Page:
Non-neuronal cells in the retina and eye had greater expression of Preiss-Handler pathway genes than neuronal cells, suggesting a lower reliance on the NAD-salvage pathway. Non neuronal cells also had greater expression of NMRK1, suggesting a greater ability to utilize nicotinamide riboside as an alternative NAD substrate. NAMPT gene expression was also proportionally higher in non-neuronal cells in the retina (microglia/myeloid, astrocytes, vascular cells, and RPEs), however protein labelling appears greater in the round nuclei of the GCL and INL than in non-uniform nuclei in the IPL (typically microglia/myeloid) or in small capillary vascular walls. Conversely, there was intense labelling surrounding nuclei in the glial framework of the optic nerve head and the vasculature of the central retinal vessels (intense labelling in the RPE is also apparent in ONH overview image, Fig. 3D), which better matched the single cell/nuclear sequencing. The high expression of NAMPT in microglia and monocytes may reflect its importance in immune responses. NAMPT is a metabolic regulator of immune states, especially as a negative regulator of Sirtuins through NMN:NAD ratio [23, 24]. NAMPT is up-regulated in microglia in immune activation and NAMPT is secreted via exosomes into the extracellular space where is functions as both an enzyme regulating extracellular NAD, but also directly as a cytokine (e.g. as a toll-like receptor-4 ligand) . The NAMPT inhibitor FK866, ameliorates pro-inflammatory responses in cultured microglia and in the brain following injury . NAMPT was also well labelled in the axonal portion of the optic nerve matching the known role of local NMN in axonal degeneration . That NAMPT labeling was largely stable relative to controls in the glaucomatous optic nerves, suggests that changes in NAMPT at least, may not be directly associated to any NMN mediated axonal degeneration.
Supplementation of high dose nicotinamide has demonstrated robust neuroprotection in glaucoma across multiple animal species and models [3, 6] and has demonstrated improvements to retinal visual function in short-term clinical trials [11, 12]. It is important to understand whether nicotinamide can be used natively within the retina, or whether metabolic changes to the molecular structure need to occur for it to be fully utilized by retinal neurons. In this study, we demonstrate that NAD salvage machinery is well-expressed in the inner retina suggesting that retinal ganglion cells have the ability to utilize nicotinamide directly. This is supported by our earlier mouse studies demonstrating that isolated retinal neurons and optic nerve cells can utilize nicotinamide directly to generate high levels of NAD . Taken together, this provides strong evidence that human retinal neurons can use nicotinamide directly and gives confidence into the ongoing clinical trials. Our finding that NAMPT, NMNAT1, and NMNAT2 labelling decreases in the inner retina with severe disease might limit this NAD synthesis in more severe glaucoma patients, however, these enzymes remain detectable at 32%, 49%, and 46% respectively, supporting the ability to generate NAD even in more diseased retina. This is consistent with the known deleterious effects of complete loss of NAD production e.g. spontaneous knockdown of Nmnat2 triggers Wallerian degeneration in mouse neurons  and reduction of function mutations in NMNAT1 cause Leber’s congenital amaurosis  (a rapid photoreceptor degenerative disease resulting in blindness). Considering that glaucoma patients have reduced nicotinamide in sera , reduced substrate may compound this loss of NAD salvage enzymes resulting in low NAD production or a lower and less responsive dynamic range of NAD production, acting as a critical pathomechanism. These results should also aid in the design of clinical trials for other retinal diseases affecting other retinal cells (e.g. the high expression of NMNAT1 in photoreceptors in the outer retina).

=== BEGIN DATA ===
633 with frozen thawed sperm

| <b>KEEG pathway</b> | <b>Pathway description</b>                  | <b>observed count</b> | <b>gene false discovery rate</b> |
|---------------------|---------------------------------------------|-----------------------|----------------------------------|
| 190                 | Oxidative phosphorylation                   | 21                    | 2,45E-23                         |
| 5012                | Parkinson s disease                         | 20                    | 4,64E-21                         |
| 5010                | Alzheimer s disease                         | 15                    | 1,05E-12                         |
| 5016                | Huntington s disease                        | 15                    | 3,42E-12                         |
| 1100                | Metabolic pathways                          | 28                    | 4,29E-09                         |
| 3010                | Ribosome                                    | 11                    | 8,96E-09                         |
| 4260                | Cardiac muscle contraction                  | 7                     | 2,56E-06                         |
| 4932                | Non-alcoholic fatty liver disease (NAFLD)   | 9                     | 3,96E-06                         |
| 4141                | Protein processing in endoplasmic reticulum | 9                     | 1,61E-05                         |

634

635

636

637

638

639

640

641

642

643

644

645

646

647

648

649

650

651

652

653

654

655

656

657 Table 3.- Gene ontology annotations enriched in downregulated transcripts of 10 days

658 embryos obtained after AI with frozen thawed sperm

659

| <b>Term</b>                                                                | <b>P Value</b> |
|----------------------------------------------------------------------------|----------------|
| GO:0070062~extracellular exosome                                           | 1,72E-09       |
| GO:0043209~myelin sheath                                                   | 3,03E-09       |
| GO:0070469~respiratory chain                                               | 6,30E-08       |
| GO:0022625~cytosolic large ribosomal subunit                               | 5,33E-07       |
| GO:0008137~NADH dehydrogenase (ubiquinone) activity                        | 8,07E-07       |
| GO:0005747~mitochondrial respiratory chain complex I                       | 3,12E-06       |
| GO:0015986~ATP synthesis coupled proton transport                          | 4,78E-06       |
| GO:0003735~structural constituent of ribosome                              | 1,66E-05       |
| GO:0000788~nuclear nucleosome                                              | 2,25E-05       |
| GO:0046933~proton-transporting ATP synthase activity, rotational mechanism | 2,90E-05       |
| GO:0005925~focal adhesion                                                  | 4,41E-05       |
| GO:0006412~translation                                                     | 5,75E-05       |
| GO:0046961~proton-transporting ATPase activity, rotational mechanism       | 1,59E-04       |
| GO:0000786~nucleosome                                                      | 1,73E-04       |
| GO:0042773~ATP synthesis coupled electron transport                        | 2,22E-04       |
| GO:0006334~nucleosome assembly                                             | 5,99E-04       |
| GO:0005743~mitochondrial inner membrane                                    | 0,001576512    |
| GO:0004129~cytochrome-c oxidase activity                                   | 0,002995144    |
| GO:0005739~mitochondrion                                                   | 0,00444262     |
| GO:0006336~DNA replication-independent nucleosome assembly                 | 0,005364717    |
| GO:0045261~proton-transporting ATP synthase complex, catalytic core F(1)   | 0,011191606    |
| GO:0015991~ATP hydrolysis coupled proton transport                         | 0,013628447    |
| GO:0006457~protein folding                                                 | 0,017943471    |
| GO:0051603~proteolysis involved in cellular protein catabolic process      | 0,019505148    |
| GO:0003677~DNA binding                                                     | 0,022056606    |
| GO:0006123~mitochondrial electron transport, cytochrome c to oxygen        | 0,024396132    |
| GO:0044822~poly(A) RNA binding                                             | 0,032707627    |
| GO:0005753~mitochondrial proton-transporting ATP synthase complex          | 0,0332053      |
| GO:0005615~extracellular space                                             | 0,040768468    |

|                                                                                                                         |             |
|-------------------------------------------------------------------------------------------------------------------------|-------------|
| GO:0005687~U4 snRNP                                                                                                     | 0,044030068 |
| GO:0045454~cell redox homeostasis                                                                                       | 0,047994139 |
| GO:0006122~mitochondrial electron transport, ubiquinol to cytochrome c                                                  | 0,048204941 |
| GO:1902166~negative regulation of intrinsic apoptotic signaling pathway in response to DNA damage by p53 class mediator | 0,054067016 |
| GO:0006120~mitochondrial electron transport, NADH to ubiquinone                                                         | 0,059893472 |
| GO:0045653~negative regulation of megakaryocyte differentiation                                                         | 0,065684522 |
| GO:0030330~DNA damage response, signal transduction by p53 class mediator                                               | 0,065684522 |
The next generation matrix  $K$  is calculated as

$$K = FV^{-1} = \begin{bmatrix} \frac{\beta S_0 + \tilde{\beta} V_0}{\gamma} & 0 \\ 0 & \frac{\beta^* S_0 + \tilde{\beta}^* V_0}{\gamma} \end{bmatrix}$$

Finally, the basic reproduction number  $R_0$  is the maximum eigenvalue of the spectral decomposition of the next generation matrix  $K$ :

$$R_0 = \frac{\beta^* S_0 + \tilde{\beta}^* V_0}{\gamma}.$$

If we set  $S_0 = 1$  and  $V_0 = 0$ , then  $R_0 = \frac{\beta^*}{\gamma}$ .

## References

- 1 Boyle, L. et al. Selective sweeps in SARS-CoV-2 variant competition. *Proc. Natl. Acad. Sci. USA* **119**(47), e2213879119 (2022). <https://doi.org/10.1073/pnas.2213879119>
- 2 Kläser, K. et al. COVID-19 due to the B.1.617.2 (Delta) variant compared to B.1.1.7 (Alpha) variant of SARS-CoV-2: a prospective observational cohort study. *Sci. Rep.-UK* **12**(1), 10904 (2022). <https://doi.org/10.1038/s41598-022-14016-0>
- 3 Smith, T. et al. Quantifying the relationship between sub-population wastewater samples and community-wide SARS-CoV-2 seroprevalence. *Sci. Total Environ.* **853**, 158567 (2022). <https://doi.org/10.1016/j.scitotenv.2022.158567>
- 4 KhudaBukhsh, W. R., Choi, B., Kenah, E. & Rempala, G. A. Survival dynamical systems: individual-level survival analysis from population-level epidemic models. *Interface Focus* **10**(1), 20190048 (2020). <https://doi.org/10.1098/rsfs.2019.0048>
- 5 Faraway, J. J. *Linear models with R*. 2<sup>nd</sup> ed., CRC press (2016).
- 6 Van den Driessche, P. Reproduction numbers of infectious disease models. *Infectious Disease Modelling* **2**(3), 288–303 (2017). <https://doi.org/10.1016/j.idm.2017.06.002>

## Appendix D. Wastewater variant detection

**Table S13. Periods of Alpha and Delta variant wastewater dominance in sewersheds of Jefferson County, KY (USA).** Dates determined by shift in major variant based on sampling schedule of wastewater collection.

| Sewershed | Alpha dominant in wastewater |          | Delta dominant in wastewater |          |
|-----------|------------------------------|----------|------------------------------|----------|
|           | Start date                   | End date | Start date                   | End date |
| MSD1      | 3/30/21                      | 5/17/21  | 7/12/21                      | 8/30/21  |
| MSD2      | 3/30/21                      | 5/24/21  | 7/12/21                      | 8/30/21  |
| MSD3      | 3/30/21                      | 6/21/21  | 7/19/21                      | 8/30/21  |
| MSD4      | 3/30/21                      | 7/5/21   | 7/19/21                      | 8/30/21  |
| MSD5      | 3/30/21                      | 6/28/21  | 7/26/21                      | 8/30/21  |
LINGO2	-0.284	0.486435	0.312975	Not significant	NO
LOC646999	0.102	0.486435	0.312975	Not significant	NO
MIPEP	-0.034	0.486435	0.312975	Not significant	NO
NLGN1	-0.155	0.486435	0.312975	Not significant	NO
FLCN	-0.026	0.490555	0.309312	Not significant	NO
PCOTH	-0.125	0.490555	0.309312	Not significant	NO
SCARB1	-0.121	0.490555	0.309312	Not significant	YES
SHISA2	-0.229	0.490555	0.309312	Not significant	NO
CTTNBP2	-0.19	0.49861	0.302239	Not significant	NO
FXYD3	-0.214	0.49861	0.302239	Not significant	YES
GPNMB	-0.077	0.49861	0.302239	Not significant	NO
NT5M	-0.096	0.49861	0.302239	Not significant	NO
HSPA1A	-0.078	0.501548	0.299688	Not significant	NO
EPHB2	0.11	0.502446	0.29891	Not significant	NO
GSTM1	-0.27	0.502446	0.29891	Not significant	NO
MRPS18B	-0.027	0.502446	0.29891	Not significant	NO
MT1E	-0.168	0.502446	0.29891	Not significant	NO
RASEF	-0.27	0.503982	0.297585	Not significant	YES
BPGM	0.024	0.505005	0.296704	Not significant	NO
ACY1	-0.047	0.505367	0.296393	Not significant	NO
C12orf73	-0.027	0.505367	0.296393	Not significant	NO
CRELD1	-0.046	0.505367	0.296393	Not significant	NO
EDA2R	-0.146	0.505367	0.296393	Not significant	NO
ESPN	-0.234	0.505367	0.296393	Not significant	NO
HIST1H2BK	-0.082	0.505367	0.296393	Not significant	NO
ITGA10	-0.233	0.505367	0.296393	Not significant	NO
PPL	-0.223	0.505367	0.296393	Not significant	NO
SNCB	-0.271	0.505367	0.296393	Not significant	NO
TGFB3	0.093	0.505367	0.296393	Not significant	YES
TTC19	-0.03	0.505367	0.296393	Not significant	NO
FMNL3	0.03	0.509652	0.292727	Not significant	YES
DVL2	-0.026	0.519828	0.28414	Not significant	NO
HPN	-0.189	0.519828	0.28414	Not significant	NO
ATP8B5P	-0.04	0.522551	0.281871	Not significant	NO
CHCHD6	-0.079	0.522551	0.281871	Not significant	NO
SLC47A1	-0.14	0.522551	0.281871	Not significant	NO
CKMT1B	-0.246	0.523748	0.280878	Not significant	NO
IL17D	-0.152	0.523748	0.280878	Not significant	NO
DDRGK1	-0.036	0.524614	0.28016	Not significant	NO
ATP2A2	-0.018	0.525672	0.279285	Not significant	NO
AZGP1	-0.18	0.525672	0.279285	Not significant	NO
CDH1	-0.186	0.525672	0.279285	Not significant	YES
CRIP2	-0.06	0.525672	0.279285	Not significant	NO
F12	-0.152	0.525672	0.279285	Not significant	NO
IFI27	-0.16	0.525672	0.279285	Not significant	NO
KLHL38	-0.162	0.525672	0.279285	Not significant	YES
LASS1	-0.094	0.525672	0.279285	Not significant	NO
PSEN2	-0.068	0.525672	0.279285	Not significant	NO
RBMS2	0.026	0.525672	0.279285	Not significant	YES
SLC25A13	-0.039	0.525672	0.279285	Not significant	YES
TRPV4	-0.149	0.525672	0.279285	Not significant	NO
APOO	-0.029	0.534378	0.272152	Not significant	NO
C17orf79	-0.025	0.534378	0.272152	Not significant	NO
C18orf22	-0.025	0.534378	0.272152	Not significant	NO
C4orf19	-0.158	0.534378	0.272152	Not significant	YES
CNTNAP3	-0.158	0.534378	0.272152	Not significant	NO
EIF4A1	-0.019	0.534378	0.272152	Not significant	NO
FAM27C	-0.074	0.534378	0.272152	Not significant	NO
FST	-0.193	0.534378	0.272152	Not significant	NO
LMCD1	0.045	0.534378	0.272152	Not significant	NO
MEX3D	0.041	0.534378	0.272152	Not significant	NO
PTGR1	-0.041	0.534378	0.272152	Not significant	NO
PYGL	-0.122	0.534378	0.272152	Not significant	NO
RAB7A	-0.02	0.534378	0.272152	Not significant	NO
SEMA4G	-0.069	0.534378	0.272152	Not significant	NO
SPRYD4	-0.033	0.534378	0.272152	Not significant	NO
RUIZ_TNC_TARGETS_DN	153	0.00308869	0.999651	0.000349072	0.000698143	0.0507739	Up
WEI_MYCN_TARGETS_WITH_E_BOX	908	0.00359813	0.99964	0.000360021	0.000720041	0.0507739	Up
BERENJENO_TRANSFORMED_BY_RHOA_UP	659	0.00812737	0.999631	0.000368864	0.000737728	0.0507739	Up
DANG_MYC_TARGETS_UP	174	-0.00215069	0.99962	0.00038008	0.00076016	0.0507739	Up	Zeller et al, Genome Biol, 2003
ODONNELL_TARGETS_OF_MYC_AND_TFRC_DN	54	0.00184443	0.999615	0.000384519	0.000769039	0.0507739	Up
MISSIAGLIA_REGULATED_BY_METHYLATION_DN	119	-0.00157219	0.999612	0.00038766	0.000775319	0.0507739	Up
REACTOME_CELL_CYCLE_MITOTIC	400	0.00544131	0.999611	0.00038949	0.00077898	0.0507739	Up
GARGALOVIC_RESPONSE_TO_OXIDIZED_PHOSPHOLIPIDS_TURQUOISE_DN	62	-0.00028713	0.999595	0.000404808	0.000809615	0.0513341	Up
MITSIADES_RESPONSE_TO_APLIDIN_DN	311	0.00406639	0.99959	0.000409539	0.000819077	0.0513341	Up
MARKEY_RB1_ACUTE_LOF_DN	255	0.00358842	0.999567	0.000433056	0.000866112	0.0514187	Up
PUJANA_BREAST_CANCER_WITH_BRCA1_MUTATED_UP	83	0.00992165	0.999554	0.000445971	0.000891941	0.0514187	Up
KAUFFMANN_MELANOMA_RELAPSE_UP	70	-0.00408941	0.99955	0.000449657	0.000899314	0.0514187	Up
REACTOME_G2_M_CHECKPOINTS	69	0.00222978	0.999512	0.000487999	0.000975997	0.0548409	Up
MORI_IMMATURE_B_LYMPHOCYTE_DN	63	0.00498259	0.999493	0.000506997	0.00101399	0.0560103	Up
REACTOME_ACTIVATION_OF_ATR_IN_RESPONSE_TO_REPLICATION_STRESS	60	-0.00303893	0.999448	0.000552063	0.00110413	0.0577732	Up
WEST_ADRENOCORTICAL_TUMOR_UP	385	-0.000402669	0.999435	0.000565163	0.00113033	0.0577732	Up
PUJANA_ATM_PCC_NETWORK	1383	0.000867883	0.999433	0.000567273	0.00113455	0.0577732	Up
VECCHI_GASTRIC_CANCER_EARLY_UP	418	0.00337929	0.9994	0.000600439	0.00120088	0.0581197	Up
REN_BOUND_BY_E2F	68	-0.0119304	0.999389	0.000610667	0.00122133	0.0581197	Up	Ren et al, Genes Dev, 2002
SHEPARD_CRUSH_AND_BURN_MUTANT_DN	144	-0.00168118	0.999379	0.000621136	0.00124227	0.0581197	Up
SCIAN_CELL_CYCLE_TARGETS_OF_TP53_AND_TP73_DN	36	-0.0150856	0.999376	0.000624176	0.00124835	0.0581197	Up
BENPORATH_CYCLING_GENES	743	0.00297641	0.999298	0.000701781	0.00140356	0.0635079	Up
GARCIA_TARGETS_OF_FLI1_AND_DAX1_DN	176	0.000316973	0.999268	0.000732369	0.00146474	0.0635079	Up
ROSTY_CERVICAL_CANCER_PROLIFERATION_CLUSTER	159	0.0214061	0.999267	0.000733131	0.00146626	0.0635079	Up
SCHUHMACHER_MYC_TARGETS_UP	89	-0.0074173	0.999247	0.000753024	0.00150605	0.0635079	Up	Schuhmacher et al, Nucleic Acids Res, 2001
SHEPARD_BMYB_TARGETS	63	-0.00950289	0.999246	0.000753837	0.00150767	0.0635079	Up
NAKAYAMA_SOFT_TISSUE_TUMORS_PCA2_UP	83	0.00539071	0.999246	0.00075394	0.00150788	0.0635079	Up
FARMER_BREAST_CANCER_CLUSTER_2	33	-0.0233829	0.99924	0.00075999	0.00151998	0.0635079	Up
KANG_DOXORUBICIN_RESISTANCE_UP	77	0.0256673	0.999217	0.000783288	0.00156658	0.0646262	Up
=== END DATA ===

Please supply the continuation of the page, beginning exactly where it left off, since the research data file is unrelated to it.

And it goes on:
These findings demonstrate that the inner retina and optic nerve head is highly enriched with the machinery to directly utilize nicotinamide through the salvage pathway and that the ability to do so is maintained, but the capacity to do so may be lower in glaucoma.
Availability of data and materials
The datasets used and/or analyzed during the current study are available from the corresponding author on reasonable request. The whole retina, bulk RNA-sequencing data was available from The Genotype-Tissue Expression (GTEx) Project accessed through The Human Protein Atlas. The human retina NucSeq dataset was accessed through NCBI GEO (GSE135133) and the scRNAseq dataset was available through the NCBI GEO (GSE147979).
Ganglion cell complex
Ganglion cell layer
Inner limiting membrane
Inner nuclear layer
Inner plexiform layer
Nicotinamide adenine dinucleotide
Nerve fiber layer
Normalized transcripts per million
Single nucleus RNA-sequencing
Optical coherence tomography
Optic nerve head
Inner and outer segments of the photoreceptor layer
Randomized controlled trial
Retinal ganglion cell
Single cell RNA-sequencing
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The authors would like to thank St. Erik Eye Hospital for financial support for research and clinical histopathology space. We used data from the The Genotype-Tissue Expression (GTEx) Project, which is supported by the Common Fund of the Office of the Director of the National Institutes of Health, and by NCI, NHGRI, NHLBI, NIDA, NIMH, and NINDS.
Open access funding provided by Karolinska Institutet. PAW is supported by Karolinska Institutet in the form of a Board of Research Faculty Funded Career Position, by St. Erik Eye Hospital philanthropic donations, Vetenskapsrådet 2018-02124 and 2022-00799, and Ögonfonden. PAW is an Alcon Research Institute Young Investigator. RCBW is supported by the National Health and Medical Research Council (Ideas grant) and Centre for Eye Research Australia Foundation.
Ethical approval and consent to participate
Access to histopathology archive samples was fully covered through biobank #366 (St Erik Eye Hospital). The study adhered to the tenets of the Declaration of Helsinki and the ethics protocols were approved by the Swedish Ethical Review Authority (2020-01525 and 2021-01036).
Consent for publication
PAW is an inventor on an awarded US patent held by The Jackson Laboratory for nicotinamide treatment in glaucoma (“Treatment and prevention of ocular neurodegenerative disorder”, US11389439B2). All other authors declare that they have no competing interests.
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The single cell RNA-sequencing dataset also contains annotated cell types from other tissues of the eye. Cells in the anterior of the eye (e.g. corneal epithelial cells, ciliary body cells) had high average expression in a high percentage of cells for NMRK1, and to a lesser extent NADSYN1. This is greater in comparison to retinal cells, suggesting that while the retina favors the NAD-salvage pathway, the anterior chamber favors the Preiss-Handler pathway and nicotinamide riboside as an alternative substrate to the NAD-salvage pathway.
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Tribble, J.R., Hagström, A., Jusseaume, K. et al. NAD salvage pathway machinery expression in normal and glaucomatous retina and optic nerve. acta neuropathol commun 11, 18 (2023). https://doi.org/10.1186/s40478-023-01513-0